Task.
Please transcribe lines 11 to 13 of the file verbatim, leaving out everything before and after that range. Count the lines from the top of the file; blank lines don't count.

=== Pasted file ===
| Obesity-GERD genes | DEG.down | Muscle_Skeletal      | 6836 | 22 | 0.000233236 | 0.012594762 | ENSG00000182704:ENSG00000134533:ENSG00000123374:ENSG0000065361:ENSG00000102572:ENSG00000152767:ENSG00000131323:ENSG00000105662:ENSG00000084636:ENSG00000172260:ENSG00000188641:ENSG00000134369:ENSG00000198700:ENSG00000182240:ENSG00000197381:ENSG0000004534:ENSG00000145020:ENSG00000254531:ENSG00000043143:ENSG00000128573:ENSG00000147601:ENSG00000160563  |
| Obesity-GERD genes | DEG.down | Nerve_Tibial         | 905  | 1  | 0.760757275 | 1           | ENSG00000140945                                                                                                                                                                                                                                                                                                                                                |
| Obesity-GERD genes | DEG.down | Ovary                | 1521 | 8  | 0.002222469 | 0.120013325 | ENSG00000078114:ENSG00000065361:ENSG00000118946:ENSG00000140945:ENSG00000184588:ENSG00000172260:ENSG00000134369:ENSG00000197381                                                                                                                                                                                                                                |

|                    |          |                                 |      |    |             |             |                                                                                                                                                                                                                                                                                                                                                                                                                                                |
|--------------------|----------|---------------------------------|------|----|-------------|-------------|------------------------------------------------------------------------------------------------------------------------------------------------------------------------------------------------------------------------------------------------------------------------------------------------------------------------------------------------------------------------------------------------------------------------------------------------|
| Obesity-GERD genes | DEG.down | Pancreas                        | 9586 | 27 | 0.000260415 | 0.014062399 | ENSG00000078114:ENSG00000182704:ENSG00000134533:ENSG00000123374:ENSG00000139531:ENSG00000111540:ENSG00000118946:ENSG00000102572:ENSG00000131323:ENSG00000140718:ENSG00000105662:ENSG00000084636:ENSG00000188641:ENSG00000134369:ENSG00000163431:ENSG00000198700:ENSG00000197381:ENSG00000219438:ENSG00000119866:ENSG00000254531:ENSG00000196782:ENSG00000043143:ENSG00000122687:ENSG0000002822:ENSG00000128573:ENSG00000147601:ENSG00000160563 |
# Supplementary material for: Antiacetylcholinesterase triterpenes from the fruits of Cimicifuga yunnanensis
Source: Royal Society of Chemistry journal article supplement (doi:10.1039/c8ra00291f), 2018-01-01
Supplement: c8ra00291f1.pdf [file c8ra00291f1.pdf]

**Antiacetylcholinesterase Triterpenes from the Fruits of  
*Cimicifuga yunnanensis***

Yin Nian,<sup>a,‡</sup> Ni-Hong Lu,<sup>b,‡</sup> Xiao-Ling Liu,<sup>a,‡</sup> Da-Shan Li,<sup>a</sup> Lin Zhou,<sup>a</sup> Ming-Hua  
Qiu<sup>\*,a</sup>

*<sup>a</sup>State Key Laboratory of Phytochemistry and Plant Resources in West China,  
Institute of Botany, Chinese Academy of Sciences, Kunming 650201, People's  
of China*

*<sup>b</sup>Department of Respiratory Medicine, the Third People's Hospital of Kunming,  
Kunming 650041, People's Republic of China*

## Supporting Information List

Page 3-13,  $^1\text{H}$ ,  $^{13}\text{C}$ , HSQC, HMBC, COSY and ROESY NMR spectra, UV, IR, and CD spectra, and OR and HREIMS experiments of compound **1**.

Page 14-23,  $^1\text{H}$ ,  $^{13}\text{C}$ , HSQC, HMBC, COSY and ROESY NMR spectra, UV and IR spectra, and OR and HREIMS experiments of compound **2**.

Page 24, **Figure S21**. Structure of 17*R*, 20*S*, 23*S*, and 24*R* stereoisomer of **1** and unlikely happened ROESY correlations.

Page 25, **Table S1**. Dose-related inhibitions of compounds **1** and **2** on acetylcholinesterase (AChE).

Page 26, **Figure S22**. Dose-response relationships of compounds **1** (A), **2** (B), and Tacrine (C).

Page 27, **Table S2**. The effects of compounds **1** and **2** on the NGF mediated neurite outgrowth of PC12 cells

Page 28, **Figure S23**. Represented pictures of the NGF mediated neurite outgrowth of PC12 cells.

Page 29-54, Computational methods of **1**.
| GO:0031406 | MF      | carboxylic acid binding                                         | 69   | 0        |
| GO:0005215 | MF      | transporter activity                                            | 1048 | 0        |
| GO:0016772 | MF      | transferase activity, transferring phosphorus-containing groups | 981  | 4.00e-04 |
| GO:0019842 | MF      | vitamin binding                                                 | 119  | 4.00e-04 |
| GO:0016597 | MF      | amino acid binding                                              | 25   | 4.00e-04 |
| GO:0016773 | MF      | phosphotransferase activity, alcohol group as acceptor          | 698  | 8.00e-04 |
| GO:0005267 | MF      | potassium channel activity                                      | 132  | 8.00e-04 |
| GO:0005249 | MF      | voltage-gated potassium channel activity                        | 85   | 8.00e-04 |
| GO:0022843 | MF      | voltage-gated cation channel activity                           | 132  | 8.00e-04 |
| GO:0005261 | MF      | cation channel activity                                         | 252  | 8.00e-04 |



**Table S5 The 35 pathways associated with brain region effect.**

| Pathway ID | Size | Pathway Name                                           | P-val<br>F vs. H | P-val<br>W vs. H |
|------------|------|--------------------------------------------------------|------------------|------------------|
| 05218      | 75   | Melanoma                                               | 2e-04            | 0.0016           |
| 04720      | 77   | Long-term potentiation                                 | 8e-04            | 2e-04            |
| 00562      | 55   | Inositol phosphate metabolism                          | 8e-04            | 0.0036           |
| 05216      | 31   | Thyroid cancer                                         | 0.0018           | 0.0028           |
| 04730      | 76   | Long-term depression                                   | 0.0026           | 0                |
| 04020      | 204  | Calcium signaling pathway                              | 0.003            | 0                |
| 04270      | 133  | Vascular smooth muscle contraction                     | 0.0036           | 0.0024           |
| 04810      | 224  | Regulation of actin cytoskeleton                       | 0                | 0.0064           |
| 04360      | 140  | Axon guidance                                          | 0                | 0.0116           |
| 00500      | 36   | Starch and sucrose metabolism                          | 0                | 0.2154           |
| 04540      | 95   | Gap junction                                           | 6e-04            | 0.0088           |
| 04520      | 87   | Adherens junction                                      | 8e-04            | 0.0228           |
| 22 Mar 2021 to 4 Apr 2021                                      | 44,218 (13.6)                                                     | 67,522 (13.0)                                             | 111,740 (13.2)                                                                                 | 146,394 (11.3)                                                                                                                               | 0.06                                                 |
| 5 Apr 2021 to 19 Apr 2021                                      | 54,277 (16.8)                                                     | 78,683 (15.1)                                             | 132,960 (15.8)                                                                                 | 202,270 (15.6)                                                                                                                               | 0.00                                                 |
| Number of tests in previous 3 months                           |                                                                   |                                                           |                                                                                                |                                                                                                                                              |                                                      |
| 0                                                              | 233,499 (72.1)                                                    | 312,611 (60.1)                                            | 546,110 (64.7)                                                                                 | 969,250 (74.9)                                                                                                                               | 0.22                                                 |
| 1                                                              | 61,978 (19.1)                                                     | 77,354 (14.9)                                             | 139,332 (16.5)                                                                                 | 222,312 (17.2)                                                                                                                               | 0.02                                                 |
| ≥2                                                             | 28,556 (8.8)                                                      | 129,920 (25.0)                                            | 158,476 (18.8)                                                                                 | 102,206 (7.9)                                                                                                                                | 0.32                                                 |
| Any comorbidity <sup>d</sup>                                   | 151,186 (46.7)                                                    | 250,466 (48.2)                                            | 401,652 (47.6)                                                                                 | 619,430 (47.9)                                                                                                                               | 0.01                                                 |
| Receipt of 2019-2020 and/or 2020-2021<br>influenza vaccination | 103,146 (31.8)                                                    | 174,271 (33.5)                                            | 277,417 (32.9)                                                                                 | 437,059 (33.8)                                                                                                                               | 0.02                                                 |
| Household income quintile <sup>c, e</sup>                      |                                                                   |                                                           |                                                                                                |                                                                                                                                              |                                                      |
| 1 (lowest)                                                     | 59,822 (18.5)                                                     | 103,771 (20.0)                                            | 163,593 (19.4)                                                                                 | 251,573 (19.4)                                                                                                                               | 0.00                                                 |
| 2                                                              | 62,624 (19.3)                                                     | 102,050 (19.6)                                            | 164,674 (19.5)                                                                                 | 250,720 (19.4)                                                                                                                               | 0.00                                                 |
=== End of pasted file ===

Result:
*Cimicifuga yunnanensis***

Yin Nian,<sup>a,‡</sup> Ni-Hong Lu,<sup>b,‡</sup> Xiao-Ling Liu,<sup>a,‡</sup> Da-Shan Li,<sup>a</sup> Lin Zhou,<sup>a</sup> Ming-Hua  
Qiu<sup>\*,a</sup>